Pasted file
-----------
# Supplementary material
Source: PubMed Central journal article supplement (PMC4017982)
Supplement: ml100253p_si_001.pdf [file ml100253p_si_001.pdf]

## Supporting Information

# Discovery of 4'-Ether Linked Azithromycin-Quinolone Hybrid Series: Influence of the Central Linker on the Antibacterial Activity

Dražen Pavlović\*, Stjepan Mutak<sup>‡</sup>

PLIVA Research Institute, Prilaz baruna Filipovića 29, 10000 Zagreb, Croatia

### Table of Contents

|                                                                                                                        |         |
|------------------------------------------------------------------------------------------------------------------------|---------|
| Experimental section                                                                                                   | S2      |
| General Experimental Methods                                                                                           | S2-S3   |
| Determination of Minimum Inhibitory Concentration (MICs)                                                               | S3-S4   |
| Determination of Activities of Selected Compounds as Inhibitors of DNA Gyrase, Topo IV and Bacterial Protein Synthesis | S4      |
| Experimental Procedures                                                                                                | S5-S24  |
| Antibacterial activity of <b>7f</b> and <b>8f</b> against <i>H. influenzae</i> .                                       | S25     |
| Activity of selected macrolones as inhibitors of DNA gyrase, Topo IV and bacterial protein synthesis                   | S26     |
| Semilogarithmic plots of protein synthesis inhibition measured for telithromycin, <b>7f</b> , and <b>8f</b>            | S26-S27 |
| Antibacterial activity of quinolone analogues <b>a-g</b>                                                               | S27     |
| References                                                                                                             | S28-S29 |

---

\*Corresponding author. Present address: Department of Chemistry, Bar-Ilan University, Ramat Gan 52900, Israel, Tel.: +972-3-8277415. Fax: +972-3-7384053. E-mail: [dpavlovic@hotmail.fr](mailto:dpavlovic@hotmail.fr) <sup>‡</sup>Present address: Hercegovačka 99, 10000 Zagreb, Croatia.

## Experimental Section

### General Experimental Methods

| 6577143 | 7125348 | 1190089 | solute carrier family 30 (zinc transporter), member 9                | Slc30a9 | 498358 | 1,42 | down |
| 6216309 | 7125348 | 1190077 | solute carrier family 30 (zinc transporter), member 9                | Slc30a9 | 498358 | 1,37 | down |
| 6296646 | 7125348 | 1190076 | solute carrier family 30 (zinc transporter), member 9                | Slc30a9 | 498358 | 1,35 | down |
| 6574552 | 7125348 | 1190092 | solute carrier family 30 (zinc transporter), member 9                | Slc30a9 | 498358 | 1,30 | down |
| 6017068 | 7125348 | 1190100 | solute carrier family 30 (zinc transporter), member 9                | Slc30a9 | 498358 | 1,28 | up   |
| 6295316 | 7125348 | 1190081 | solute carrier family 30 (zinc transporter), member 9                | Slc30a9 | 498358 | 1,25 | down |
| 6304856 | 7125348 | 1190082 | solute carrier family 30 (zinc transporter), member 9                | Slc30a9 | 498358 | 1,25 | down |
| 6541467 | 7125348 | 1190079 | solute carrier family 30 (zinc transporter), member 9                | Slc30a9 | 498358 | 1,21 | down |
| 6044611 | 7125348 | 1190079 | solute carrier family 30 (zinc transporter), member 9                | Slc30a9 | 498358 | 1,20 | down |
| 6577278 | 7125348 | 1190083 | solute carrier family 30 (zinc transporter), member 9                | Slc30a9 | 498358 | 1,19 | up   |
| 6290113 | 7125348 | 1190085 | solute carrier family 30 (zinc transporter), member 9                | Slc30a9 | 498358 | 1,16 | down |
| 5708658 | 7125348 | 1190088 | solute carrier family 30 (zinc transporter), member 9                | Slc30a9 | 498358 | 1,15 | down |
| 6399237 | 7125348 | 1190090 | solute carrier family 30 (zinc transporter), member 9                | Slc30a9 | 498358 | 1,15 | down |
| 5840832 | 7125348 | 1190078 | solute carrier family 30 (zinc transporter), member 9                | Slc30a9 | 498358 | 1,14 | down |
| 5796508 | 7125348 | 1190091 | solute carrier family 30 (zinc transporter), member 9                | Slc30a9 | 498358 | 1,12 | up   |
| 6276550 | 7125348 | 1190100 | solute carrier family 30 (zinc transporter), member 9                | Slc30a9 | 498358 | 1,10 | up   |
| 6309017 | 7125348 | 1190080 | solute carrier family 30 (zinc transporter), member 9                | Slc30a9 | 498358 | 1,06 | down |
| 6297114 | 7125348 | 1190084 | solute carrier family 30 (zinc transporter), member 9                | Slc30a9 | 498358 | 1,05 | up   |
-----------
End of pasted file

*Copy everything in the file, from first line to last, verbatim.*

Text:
# Supplementary material
Source: PubMed Central journal article supplement (PMC4017982)
Supplement: ml100253p_si_001.pdf [file ml100253p_si_001.pdf]

## Supporting Information

# Discovery of 4'-Ether Linked Azithromycin-Quinolone Hybrid Series: Influence of the Central Linker on the Antibacterial Activity

Dražen Pavlović\*, Stjepan Mutak<sup>‡</sup>

PLIVA Research Institute, Prilaz baruna Filipovića 29, 10000 Zagreb, Croatia

### Table of Contents

|                                                                                                                        |         |
|------------------------------------------------------------------------------------------------------------------------|---------|
| Experimental section                                                                                                   | S2      |
| General Experimental Methods                                                                                           | S2-S3   |
| Determination of Minimum Inhibitory Concentration (MICs)                                                               | S3-S4   |
| Determination of Activities of Selected Compounds as Inhibitors of DNA Gyrase, Topo IV and Bacterial Protein Synthesis | S4      |
| Experimental Procedures                                                                                                | S5-S24  |
| Antibacterial activity of <b>7f</b> and <b>8f</b> against <i>H. influenzae</i> .                                       | S25     |
| Activity of selected macrolones as inhibitors of DNA gyrase, Topo IV and bacterial protein synthesis                   | S26     |
| Semilogarithmic plots of protein synthesis inhibition measured for telithromycin, <b>7f</b> , and <b>8f</b>            | S26-S27 |
| Antibacterial activity of quinolone analogues <b>a-g</b>                                                               | S27     |
| References                                                                                                             | S28-S29 |

---

\*Corresponding author. Present address: Department of Chemistry, Bar-Ilan University, Ramat Gan 52900, Israel, Tel.: +972-3-8277415. Fax: +972-3-7384053. E-mail: [dpavlovic@hotmail.fr](mailto:dpavlovic@hotmail.fr) <sup>‡</sup>Present address: Hercegovačka 99, 10000 Zagreb, Croatia.

## Experimental Section

### General Experimental Methods

| 6577143 | 7125348 | 1190089 | solute carrier family 30 (zinc transporter), member 9                | Slc30a9 | 498358 | 1,42 | down |
| 6216309 | 7125348 | 1190077 | solute carrier family 30 (zinc transporter), member 9                | Slc30a9 | 498358 | 1,37 | down |
| 6296646 | 7125348 | 1190076 | solute carrier family 30 (zinc transporter), member 9                | Slc30a9 | 498358 | 1,35 | down |
| 6574552 | 7125348 | 1190092 | solute carrier family 30 (zinc transporter), member 9                | Slc30a9 | 498358 | 1,30 | down |
| 6017068 | 7125348 | 1190100 | solute carrier family 30 (zinc transporter), member 9                | Slc30a9 | 498358 | 1,28 | up   |
| 6295316 | 7125348 | 1190081 | solute carrier family 30 (zinc transporter), member 9                | Slc30a9 | 498358 | 1,25 | down |
| 6304856 | 7125348 | 1190082 | solute carrier family 30 (zinc transporter), member 9                | Slc30a9 | 498358 | 1,25 | down |
| 6541467 | 7125348 | 1190079 | solute carrier family 30 (zinc transporter), member 9                | Slc30a9 | 498358 | 1,21 | down |
| 6044611 | 7125348 | 1190079 | solute carrier family 30 (zinc transporter), member 9                | Slc30a9 | 498358 | 1,20 | down |
| 6577278 | 7125348 | 1190083 | solute carrier family 30 (zinc transporter), member 9                | Slc30a9 | 498358 | 1,19 | up   |
| 6290113 | 7125348 | 1190085 | solute carrier family 30 (zinc transporter), member 9                | Slc30a9 | 498358 | 1,16 | down |
| 5708658 | 7125348 | 1190088 | solute carrier family 30 (zinc transporter), member 9                | Slc30a9 | 498358 | 1,15 | down |
| 6399237 | 7125348 | 1190090 | solute carrier family 30 (zinc transporter), member 9                | Slc30a9 | 498358 | 1,15 | down |
| 5840832 | 7125348 | 1190078 | solute carrier family 30 (zinc transporter), member 9                | Slc30a9 | 498358 | 1,14 | down |
| 5796508 | 7125348 | 1190091 | solute carrier family 30 (zinc transporter), member 9                | Slc30a9 | 498358 | 1,12 | up   |
| 6276550 | 7125348 | 1190100 | solute carrier family 30 (zinc transporter), member 9                | Slc30a9 | 498358 | 1,10 | up   |
| 6309017 | 7125348 | 1190080 | solute carrier family 30 (zinc transporter), member 9                | Slc30a9 | 498358 | 1,06 | down |
| 6297114 | 7125348 | 1190084 | solute carrier family 30 (zinc transporter), member 9                | Slc30a9 | 498358 | 1,05 | up   |